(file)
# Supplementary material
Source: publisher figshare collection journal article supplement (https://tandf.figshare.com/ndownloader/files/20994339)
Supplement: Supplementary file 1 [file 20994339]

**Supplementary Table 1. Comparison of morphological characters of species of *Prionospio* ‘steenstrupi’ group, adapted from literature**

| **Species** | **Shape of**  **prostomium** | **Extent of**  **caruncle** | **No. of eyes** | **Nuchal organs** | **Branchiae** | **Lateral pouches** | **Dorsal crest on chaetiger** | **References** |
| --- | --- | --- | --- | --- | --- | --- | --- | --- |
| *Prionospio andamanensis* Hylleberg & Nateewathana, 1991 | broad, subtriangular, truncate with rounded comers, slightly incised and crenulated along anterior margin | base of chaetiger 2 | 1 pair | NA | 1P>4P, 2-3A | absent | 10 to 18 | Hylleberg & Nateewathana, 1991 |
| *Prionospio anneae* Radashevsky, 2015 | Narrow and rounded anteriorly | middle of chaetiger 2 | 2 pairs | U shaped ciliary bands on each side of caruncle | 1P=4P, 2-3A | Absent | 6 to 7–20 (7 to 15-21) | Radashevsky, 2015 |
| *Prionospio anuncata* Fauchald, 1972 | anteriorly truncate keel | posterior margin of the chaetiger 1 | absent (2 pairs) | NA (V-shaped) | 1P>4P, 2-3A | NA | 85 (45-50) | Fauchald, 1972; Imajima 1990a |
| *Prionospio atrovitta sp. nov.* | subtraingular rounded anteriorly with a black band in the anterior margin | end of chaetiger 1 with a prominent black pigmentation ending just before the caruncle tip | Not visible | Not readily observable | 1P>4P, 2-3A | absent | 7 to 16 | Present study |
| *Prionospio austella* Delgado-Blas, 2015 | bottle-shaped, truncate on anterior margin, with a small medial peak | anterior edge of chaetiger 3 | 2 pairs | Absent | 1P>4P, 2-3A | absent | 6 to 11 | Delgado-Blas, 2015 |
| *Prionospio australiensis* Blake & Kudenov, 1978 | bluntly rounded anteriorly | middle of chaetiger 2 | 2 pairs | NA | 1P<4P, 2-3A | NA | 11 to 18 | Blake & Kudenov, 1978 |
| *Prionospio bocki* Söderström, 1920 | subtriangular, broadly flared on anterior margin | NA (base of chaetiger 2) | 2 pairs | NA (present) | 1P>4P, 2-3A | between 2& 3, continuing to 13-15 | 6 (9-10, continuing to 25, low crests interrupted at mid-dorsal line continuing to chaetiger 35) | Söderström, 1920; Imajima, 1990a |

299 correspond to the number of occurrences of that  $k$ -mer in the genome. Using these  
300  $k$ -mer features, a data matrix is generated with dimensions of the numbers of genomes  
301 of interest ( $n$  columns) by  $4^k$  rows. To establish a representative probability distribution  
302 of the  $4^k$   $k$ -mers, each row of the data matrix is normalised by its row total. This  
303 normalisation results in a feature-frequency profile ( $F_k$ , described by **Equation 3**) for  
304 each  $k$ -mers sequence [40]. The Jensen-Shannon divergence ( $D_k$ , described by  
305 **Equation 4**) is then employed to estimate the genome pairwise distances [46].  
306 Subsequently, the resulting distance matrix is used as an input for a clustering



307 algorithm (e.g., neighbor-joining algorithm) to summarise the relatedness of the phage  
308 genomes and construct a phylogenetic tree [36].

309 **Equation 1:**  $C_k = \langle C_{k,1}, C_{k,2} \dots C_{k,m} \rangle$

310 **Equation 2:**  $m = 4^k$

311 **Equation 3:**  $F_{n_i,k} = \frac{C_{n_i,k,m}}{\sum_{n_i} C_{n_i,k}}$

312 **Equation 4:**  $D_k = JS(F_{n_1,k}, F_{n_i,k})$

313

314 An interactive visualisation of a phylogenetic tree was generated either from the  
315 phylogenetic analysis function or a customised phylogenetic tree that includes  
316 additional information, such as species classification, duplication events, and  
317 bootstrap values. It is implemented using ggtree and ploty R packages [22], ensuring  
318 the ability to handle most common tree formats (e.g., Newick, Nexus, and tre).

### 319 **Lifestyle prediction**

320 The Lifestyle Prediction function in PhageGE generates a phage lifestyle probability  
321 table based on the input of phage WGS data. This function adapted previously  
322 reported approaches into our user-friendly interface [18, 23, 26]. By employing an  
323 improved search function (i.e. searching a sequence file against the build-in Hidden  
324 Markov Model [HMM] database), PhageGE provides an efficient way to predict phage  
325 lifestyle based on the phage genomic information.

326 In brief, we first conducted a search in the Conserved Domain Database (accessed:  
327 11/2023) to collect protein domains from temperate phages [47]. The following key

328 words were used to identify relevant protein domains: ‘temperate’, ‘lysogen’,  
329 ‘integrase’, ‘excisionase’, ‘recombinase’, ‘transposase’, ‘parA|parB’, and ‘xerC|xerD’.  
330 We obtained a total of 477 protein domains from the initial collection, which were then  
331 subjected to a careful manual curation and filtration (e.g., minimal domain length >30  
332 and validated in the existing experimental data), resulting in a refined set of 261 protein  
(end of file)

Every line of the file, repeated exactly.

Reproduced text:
# Supplementary material
Source: publisher figshare collection journal article supplement (https://tandf.figshare.com/ndownloader/files/20994339)
Supplement: Supplementary file 1 [file 20994339]

**Supplementary Table 1. Comparison of morphological characters of species of *Prionospio* ‘steenstrupi’ group, adapted from literature**

| **Species** | **Shape of**  **prostomium** | **Extent of**  **caruncle** | **No. of eyes** | **Nuchal organs** | **Branchiae** | **Lateral pouches** | **Dorsal crest on chaetiger** | **References** |
| --- | --- | --- | --- | --- | --- | --- | --- | --- |
| *Prionospio andamanensis* Hylleberg & Nateewathana, 1991 | broad, subtriangular, truncate with rounded comers, slightly incised and crenulated along anterior margin | base of chaetiger 2 | 1 pair | NA | 1P>4P, 2-3A | absent | 10 to 18 | Hylleberg & Nateewathana, 1991 |
| *Prionospio anneae* Radashevsky, 2015 | Narrow and rounded anteriorly | middle of chaetiger 2 | 2 pairs | U shaped ciliary bands on each side of caruncle | 1P=4P, 2-3A | Absent | 6 to 7–20 (7 to 15-21) | Radashevsky, 2015 |
| *Prionospio anuncata* Fauchald, 1972 | anteriorly truncate keel | posterior margin of the chaetiger 1 | absent (2 pairs) | NA (V-shaped) | 1P>4P, 2-3A | NA | 85 (45-50) | Fauchald, 1972; Imajima 1990a |
| *Prionospio atrovitta sp. nov.* | subtraingular rounded anteriorly with a black band in the anterior margin | end of chaetiger 1 with a prominent black pigmentation ending just before the caruncle tip | Not visible | Not readily observable | 1P>4P, 2-3A | absent | 7 to 16 | Present study |
| *Prionospio austella* Delgado-Blas, 2015 | bottle-shaped, truncate on anterior margin, with a small medial peak | anterior edge of chaetiger 3 | 2 pairs | Absent | 1P>4P, 2-3A | absent | 6 to 11 | Delgado-Blas, 2015 |
| *Prionospio australiensis* Blake & Kudenov, 1978 | bluntly rounded anteriorly | middle of chaetiger 2 | 2 pairs | NA | 1P<4P, 2-3A | NA | 11 to 18 | Blake & Kudenov, 1978 |
| *Prionospio bocki* Söderström, 1920 | subtriangular, broadly flared on anterior margin | NA (base of chaetiger 2) | 2 pairs | NA (present) | 1P>4P, 2-3A | between 2& 3, continuing to 13-15 | 6 (9-10, continuing to 25, low crests interrupted at mid-dorsal line continuing to chaetiger 35) | Söderström, 1920; Imajima, 1990a |

299 correspond to the number of occurrences of that  $k$ -mer in the genome. Using these  
300  $k$ -mer features, a data matrix is generated with dimensions of the numbers of genomes  
301 of interest ( $n$  columns) by  $4^k$  rows. To establish a representative probability distribution  
302 of the  $4^k$   $k$ -mers, each row of the data matrix is normalised by its row total. This  
303 normalisation results in a feature-frequency profile ( $F_k$ , described by **Equation 3**) for  
304 each  $k$ -mers sequence [40]. The Jensen-Shannon divergence ( $D_k$ , described by  
305 **Equation 4**) is then employed to estimate the genome pairwise distances [46].  
306 Subsequently, the resulting distance matrix is used as an input for a clustering



307 algorithm (e.g., neighbor-joining algorithm) to summarise the relatedness of the phage  
308 genomes and construct a phylogenetic tree [36].

309 **Equation 1:**  $C_k = \langle C_{k,1}, C_{k,2} \dots C_{k,m} \rangle$

310 **Equation 2:**  $m = 4^k$

311 **Equation 3:**  $F_{n_i,k} = \frac{C_{n_i,k,m}}{\sum_{n_i} C_{n_i,k}}$

312 **Equation 4:**  $D_k = JS(F_{n_1,k}, F_{n_i,k})$

313

314 An interactive visualisation of a phylogenetic tree was generated either from the  
315 phylogenetic analysis function or a customised phylogenetic tree that includes  
316 additional information, such as species classification, duplication events, and  
317 bootstrap values. It is implemented using ggtree and ploty R packages [22], ensuring  
318 the ability to handle most common tree formats (e.g., Newick, Nexus, and tre).

### 319 **Lifestyle prediction**

320 The Lifestyle Prediction function in PhageGE generates a phage lifestyle probability  
321 table based on the input of phage WGS data. This function adapted previously  
322 reported approaches into our user-friendly interface [18, 23, 26]. By employing an  
323 improved search function (i.e. searching a sequence file against the build-in Hidden  
324 Markov Model [HMM] database), PhageGE provides an efficient way to predict phage  
325 lifestyle based on the phage genomic information.

326 In brief, we first conducted a search in the Conserved Domain Database (accessed:  
327 11/2023) to collect protein domains from temperate phages [47]. The following key

328 words were used to identify relevant protein domains: ‘temperate’, ‘lysogen’,  
329 ‘integrase’, ‘excisionase’, ‘recombinase’, ‘transposase’, ‘parA|parB’, and ‘xerC|xerD’.  
330 We obtained a total of 477 protein domains from the initial collection, which were then  
331 subjected to a careful manual curation and filtration (e.g., minimal domain length >30  
332 and validated in the existing experimental data), resulting in a refined set of 261 protein  